Feminist bioethics may be good lens through which to assess how we care for the elderly, especially in the Covid-19 pandemic. In an article in the journal Bioethics Jennifer Parks and Maria Howard argue that (at least in the United States), personal relationships were regarded as less important than physical health indicators. As a consequence, many elderly gave up on life.
They cite another article from The Hastings Center Report:
With great expense and effort, we organized deaths with ventilators for America’s oldest people. We thought the ethical imperative was to get a ventilator for everyone. The real need was to provide care that helped. We can save more lives and make unavoidable deaths less painful if we will learn at last this simple lesson.
Parks and Howard contend that our society has forgotten that the self is essentially social. This is an interesting and controversial idea which runs against the liberal current which has dominated political philosophy in the Anglosphere since the 17th Century. For social contract theorists like Hobbes, Locke and Rousseau, each man was a kind of self-sufficient Robinson Crusoe. They write:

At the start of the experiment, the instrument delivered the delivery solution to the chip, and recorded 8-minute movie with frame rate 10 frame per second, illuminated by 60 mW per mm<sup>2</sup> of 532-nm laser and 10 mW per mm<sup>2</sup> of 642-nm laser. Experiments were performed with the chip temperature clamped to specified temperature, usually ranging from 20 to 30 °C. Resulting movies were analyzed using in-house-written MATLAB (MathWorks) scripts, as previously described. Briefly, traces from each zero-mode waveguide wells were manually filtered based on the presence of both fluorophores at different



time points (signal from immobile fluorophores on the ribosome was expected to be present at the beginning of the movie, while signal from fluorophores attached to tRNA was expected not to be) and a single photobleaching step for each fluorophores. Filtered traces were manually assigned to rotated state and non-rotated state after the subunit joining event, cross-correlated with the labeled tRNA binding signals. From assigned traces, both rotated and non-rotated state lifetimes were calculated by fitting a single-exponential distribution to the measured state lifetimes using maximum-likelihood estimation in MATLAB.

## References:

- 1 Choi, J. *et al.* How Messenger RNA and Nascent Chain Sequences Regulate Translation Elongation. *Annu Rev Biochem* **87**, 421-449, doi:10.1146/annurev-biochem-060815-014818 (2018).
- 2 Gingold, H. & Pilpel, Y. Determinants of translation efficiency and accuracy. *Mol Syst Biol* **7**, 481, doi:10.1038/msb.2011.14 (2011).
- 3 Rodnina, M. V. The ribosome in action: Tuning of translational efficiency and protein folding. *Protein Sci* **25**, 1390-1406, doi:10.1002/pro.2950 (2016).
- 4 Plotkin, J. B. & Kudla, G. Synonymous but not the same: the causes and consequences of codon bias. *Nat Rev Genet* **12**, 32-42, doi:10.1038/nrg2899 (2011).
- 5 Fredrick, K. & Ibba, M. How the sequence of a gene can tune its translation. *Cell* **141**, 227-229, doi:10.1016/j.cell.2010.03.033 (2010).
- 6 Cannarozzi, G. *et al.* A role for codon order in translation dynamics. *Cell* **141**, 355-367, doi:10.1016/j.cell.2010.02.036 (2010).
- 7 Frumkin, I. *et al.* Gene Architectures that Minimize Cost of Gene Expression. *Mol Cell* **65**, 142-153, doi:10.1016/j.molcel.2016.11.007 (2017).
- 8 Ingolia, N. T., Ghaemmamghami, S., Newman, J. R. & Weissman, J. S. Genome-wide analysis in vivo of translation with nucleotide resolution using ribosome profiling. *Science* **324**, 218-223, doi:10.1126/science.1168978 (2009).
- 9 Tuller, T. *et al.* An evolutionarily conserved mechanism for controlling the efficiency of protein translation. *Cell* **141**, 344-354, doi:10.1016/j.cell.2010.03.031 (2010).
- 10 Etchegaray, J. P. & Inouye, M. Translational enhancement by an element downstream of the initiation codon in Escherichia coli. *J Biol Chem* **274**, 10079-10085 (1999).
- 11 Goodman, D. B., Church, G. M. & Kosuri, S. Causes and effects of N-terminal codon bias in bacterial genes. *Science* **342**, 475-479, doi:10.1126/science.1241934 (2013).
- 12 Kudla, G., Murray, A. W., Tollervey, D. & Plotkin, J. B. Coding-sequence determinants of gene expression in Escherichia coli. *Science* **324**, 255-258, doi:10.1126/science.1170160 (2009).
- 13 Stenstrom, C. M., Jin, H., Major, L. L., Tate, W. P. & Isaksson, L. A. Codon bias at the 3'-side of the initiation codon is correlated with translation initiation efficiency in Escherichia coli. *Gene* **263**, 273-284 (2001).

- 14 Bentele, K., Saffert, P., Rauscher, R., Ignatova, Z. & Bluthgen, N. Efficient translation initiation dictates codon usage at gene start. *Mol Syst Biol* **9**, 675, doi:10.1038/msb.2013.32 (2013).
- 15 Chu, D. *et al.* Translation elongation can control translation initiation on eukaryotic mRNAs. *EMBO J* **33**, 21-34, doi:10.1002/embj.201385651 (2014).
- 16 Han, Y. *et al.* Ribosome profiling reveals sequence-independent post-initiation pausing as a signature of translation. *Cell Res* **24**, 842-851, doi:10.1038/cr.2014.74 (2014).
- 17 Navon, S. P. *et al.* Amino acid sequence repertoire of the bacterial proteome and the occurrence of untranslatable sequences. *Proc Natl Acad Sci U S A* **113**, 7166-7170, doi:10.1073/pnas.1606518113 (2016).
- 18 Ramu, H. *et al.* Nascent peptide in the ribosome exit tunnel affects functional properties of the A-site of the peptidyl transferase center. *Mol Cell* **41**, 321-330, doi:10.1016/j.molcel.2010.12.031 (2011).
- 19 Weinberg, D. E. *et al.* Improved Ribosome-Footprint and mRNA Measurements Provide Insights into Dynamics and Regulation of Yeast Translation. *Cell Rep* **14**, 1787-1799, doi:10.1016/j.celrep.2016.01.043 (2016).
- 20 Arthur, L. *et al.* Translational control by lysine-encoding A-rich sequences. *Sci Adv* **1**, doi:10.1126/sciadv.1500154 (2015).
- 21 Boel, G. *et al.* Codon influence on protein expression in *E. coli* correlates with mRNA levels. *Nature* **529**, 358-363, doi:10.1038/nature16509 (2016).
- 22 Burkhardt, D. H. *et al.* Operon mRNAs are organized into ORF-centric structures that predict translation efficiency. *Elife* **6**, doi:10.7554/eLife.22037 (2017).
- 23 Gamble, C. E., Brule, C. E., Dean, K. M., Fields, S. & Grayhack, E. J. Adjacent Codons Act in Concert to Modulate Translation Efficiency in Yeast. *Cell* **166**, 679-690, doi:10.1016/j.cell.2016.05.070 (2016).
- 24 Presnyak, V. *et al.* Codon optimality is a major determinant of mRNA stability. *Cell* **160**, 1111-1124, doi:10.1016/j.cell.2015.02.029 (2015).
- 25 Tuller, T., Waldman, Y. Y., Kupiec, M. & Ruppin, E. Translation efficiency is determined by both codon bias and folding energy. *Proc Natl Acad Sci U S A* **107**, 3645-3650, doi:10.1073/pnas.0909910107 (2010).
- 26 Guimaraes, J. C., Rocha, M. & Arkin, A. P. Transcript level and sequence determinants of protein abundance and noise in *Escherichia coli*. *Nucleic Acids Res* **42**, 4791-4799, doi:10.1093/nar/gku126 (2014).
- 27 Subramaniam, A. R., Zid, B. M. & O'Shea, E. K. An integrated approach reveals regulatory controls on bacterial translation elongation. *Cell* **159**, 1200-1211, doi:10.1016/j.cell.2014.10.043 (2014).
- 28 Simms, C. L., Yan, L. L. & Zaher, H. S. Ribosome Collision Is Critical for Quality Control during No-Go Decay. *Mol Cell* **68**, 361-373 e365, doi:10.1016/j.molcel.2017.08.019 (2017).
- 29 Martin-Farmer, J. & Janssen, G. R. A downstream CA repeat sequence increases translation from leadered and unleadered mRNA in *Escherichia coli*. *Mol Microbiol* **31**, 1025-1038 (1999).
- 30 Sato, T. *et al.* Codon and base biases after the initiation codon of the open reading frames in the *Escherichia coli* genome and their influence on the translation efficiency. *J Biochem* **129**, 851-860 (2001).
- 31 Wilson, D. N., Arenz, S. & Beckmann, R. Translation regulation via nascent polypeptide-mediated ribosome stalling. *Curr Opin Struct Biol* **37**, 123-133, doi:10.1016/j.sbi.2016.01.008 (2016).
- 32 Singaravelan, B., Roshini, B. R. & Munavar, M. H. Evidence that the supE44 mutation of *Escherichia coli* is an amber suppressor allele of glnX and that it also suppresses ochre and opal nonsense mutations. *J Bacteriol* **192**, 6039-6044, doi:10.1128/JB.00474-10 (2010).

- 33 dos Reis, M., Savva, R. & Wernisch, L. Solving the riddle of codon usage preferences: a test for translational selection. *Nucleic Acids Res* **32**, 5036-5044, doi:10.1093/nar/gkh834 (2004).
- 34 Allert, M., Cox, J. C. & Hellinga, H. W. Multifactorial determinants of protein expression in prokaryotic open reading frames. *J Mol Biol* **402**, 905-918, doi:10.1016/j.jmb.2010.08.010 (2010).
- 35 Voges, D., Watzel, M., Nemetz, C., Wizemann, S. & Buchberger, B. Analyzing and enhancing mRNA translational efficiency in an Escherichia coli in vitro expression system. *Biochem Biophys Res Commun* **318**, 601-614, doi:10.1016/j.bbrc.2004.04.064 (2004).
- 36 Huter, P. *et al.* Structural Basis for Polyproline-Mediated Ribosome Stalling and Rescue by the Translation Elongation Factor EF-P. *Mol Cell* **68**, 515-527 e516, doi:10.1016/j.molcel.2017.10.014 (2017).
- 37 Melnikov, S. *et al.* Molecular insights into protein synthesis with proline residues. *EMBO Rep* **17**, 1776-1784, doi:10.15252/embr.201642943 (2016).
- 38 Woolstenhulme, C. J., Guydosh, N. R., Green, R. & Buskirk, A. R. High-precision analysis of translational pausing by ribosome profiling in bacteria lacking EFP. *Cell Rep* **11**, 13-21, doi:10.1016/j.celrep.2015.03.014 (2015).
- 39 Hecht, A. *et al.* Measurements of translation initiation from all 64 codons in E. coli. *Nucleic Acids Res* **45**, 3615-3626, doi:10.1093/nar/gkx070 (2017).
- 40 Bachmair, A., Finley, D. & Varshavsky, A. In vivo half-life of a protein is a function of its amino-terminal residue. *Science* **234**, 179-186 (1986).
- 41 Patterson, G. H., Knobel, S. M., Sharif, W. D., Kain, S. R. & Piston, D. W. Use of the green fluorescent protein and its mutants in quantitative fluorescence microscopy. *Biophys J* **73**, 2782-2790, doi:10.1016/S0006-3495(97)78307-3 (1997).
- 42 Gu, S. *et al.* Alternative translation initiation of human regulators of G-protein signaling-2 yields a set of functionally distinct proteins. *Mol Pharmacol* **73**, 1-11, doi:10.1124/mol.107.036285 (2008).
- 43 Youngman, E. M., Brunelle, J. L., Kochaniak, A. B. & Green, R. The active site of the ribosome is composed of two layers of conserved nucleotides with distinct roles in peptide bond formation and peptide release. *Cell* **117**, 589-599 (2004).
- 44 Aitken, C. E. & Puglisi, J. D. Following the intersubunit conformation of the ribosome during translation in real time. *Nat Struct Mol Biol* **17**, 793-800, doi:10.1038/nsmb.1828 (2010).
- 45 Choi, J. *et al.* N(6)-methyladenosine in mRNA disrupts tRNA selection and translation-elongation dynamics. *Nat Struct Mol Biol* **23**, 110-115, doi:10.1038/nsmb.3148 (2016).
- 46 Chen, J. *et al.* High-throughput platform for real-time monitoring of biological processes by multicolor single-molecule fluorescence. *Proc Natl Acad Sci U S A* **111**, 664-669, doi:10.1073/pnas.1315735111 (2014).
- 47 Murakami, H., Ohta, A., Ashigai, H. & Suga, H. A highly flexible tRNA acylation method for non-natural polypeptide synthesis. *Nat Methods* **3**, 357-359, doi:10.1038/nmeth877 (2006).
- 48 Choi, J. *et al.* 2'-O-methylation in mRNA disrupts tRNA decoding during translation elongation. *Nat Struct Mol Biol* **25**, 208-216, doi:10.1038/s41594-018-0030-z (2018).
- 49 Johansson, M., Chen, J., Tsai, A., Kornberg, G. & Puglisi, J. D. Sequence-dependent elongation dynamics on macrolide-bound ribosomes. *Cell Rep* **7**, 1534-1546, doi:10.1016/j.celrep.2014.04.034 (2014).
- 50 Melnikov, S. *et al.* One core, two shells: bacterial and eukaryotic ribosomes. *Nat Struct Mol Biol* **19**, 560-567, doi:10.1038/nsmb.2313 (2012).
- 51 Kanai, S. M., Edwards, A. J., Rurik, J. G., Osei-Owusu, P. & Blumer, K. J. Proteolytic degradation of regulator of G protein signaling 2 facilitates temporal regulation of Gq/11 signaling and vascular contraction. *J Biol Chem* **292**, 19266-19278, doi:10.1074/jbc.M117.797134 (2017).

… the self is essentially social, meaning that who one is, one’s identity, is derived from socialization processes, the relationships into which a person is born, and the relationships and identities that define one personally and socially. Under this view, we do not become autonomous despite our relationships with others but because of them. … liberal theories that understand selves as primarily independent and self-sufficient ignore the relational nature of who we are and how our social situation informs our self-concepts.
This has very practical consequences for plans for dealing with nursing homes:
Whether we should forsake the mental health of the old in the fight to protect their physical health is a question that we think deserves closer scrutiny. An increasing number of studies indicate that the impact of isolation, loneliness, and lack of human contact has deadly implications, especially for the elderly experiencing degrees of dementia. As our relational ethics framework suggests, humans suffer deeply from that lack; and this is exacerbated for our elders who may rely heavily on others to hold their identities and sense of self in place…
Since the beginning of the pandemic, the value of “life at any cost” has prevailed in nursing homes; but this may be a value judgement that not all residents share. The benefits of allowing for limited visitation might outweigh the risks of exposure to the virus that this visitation brings. This is especially true when such visits allow elders to plan end of life care with their loved ones in face-to-face discussions about advance care planning.
Michael Cook is editor of BioEdge
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